The Culture of Narcissism and Bears

Bears are smarter than many people, and stronger than most. This past August another Problematic Bear at Garibaldi Provincial Park learned the knack of shimmying up BC Parks’ official bear hangs and bringing the bags down. Several hikers lost whole backpacks until conservation officers shot the bear.

This is the second-best recent British Columbia “bear defeating bear-proofing” story. The winner was at Akamina Creek in 2021, where a bear was caught non-chalantly opening bear-proof lockers right in front of several hikers (private video on the Great Divide Trail Hikers Facebook group). A few years ago Andrew Skurka shared a spreadsheet on Yosemite bears getting food from the portable hard-sided bear canisters. Most incidents involve user stupidity, but far from all. Given time, a cliff, a manufacturing defect, a slight fault in procedure, a plastic container weakened by UV, or just one that’s smarter than the av-er-age bear, that food is gone.

Traditionally this is when the author brags that he does it right. My food is all dehydrated meals and packaged snack bars, kept in an OPSAK resealable odour-proof bag that’s in turn tied inside an Ursack, hung on or stored in permanent infrastructure whenever available. Sure enough, a bear has never eaten my food (raccoons ate some once).

Except OPSAKs pick up odours from handling even before the openings fail, which they always do. Ursacks can be defeated when overfull, tied improperly, or a bear has four hours to work on the thing.

The author of this post is neither a bear expert nor highly experienced. In the wild he does what seems like it ought to work well enough. However, like most people who’ve lived in the world the past few years, he has a well-developed contempt for the narcissism of the expert. Responding to the Garibaldi incidents, the CBC quoted unnamed “advocates” whose words had no relevance to a bear climbing up the bear hang. Whenever a bear gets away with someone’s food wiseacres say “he probably didn’t do it right” and insist that if you follow these fourteen weird tips faultlessly every time you’re sure to be safe. It amounts to endlessly trusting the plan.

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Replacing Pole Shock Cord in my MSR Hubba NX Tent

As I might have mentioned I love my old MSR Hubba NX very much. It was the last of the Good Hubbas, before they started screwing up the seams and making it into an Elixir with an uglier fly, and I got it on clearance. It’s been with me on the Chilkoot, Skyline, the Rockwall, and many other one- and two-night trips. It’s still in pretty good shape, give-or-take a hole in the bug netting, and I’m looking forward to bringing it on the South Boundary.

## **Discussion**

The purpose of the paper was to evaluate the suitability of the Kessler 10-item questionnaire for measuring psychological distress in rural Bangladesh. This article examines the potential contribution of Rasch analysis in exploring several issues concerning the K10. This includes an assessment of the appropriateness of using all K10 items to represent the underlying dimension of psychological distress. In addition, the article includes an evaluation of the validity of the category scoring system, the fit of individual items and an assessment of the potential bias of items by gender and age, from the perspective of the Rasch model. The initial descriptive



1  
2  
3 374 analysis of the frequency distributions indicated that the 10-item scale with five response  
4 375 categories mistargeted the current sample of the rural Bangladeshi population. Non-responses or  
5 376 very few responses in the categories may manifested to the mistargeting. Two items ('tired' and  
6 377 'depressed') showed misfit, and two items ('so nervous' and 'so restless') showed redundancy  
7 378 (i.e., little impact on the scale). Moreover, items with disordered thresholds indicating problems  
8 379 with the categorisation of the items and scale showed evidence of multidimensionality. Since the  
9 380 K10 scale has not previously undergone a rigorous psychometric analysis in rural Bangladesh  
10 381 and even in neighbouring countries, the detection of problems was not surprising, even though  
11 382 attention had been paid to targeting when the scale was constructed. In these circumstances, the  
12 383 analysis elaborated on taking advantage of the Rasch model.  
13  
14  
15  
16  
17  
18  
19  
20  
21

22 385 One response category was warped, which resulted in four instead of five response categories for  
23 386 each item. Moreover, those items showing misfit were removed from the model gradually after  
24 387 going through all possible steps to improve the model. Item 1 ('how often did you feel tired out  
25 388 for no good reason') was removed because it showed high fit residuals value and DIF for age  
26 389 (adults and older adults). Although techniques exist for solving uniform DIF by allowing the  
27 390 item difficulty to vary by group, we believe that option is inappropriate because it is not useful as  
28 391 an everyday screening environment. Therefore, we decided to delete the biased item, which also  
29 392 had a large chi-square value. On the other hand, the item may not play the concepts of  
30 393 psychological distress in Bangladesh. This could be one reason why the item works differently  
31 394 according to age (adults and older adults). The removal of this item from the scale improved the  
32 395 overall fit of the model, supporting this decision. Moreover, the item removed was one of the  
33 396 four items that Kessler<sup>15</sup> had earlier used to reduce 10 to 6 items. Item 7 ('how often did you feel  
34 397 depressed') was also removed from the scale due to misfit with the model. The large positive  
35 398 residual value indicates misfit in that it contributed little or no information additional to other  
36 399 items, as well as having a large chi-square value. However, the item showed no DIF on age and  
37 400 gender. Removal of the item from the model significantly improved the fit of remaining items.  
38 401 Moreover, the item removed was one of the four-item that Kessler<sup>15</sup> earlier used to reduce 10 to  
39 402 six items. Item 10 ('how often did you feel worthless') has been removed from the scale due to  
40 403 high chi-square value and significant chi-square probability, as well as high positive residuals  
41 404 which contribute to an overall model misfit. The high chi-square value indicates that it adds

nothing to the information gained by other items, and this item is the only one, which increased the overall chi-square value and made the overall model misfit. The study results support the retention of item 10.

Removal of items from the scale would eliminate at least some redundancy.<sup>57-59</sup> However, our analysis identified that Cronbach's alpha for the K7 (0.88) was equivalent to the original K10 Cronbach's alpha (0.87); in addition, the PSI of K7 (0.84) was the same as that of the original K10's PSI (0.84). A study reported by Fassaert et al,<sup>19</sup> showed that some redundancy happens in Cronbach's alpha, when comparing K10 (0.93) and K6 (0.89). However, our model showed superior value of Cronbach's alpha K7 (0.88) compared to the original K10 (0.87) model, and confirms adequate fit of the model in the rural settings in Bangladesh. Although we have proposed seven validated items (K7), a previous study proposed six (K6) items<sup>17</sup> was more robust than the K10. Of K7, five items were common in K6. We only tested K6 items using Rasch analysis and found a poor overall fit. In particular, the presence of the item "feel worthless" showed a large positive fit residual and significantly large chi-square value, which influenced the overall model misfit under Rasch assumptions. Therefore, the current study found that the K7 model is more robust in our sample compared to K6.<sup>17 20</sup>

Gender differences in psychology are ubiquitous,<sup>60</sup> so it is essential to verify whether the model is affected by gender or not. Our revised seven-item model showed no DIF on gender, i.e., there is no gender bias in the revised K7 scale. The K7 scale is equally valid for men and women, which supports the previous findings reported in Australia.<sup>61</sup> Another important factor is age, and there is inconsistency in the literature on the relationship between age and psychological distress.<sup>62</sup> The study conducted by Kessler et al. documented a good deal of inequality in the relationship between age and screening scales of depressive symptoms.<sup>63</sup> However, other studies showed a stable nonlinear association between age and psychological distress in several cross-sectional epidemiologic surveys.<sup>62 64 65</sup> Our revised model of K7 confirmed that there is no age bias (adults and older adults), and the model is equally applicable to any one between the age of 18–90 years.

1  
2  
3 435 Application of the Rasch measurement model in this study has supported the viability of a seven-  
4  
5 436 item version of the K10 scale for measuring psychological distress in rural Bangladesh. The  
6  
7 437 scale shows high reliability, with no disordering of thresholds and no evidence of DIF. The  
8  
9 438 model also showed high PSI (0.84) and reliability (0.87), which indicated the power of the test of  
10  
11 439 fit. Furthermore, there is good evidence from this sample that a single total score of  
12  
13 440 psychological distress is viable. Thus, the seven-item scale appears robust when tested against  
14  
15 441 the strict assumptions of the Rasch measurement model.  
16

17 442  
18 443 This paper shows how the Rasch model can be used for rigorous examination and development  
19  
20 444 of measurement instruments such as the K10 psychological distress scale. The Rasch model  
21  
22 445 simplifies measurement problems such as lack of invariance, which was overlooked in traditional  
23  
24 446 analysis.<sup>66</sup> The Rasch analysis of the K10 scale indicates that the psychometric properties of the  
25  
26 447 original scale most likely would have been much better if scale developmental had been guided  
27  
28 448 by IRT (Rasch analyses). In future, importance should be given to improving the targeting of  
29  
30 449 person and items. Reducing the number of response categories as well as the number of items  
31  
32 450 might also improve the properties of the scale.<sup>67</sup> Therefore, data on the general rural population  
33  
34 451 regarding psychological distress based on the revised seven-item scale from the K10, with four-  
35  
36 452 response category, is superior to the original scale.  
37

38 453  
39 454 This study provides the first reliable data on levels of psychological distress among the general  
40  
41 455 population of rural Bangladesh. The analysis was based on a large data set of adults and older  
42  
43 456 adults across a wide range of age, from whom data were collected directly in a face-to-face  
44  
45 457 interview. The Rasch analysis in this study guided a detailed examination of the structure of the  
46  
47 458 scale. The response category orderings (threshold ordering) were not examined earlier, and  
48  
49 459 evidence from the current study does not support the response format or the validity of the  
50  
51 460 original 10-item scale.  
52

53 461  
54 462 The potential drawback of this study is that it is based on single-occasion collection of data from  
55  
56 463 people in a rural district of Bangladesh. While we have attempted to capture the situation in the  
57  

The only problem’s been the cord that connects the tent poles which, after a couple seasons of use, lost its elasticity, leading to slack lines and difficult pole assembly. I got rather good at working around this, but clearly an elastic tent cord with no elastic was a failure waiting to happen. I knew I’d have to replace the cord, but that involved open-heart surgery on a tent that was pretty much working and I kept putting it off and putting it off, until I went camping in July and got fed up. Then I went home and replaced the cords, and not only was it was so easy I felt like an idiot for waiting so long, but I felt better knowing one more thing about how my gear works.

Here’s a guide on replacing tent cord on MSR Hubba-family tents. The principles will help you with many other tents as well, and the most important principle is: don’t be afraid. This is an easy job which not only makes your tent stronger, but helps you know your gear in case anything happens in the field.

Five Years of Hiking Inflation

I recently found an old spreadsheet from when I began backpacking in 2017, listing everything I needed to get started in this hobby. It’s one of those accidental historical documents, because of the things I thought were important once upon a time (“I’ve got to get one of those portable medical splints!” said I, quite seriously) and all of the fads which turned out to be busts (“wow, UV-treating water on the trail is amazing! It’s more expensive than a filter, it’s about as annoying, it’s not much faster, and you have to pre-filter it anyway to get the leaves and sticks out!”). The things I spent a lot of money on, like my solar panels and my first lightweight tent, which sort of sucked, and my fancy down sleeping bag, which despite all the dire warnings against using down in wet climates has been worth every one of the many pennies.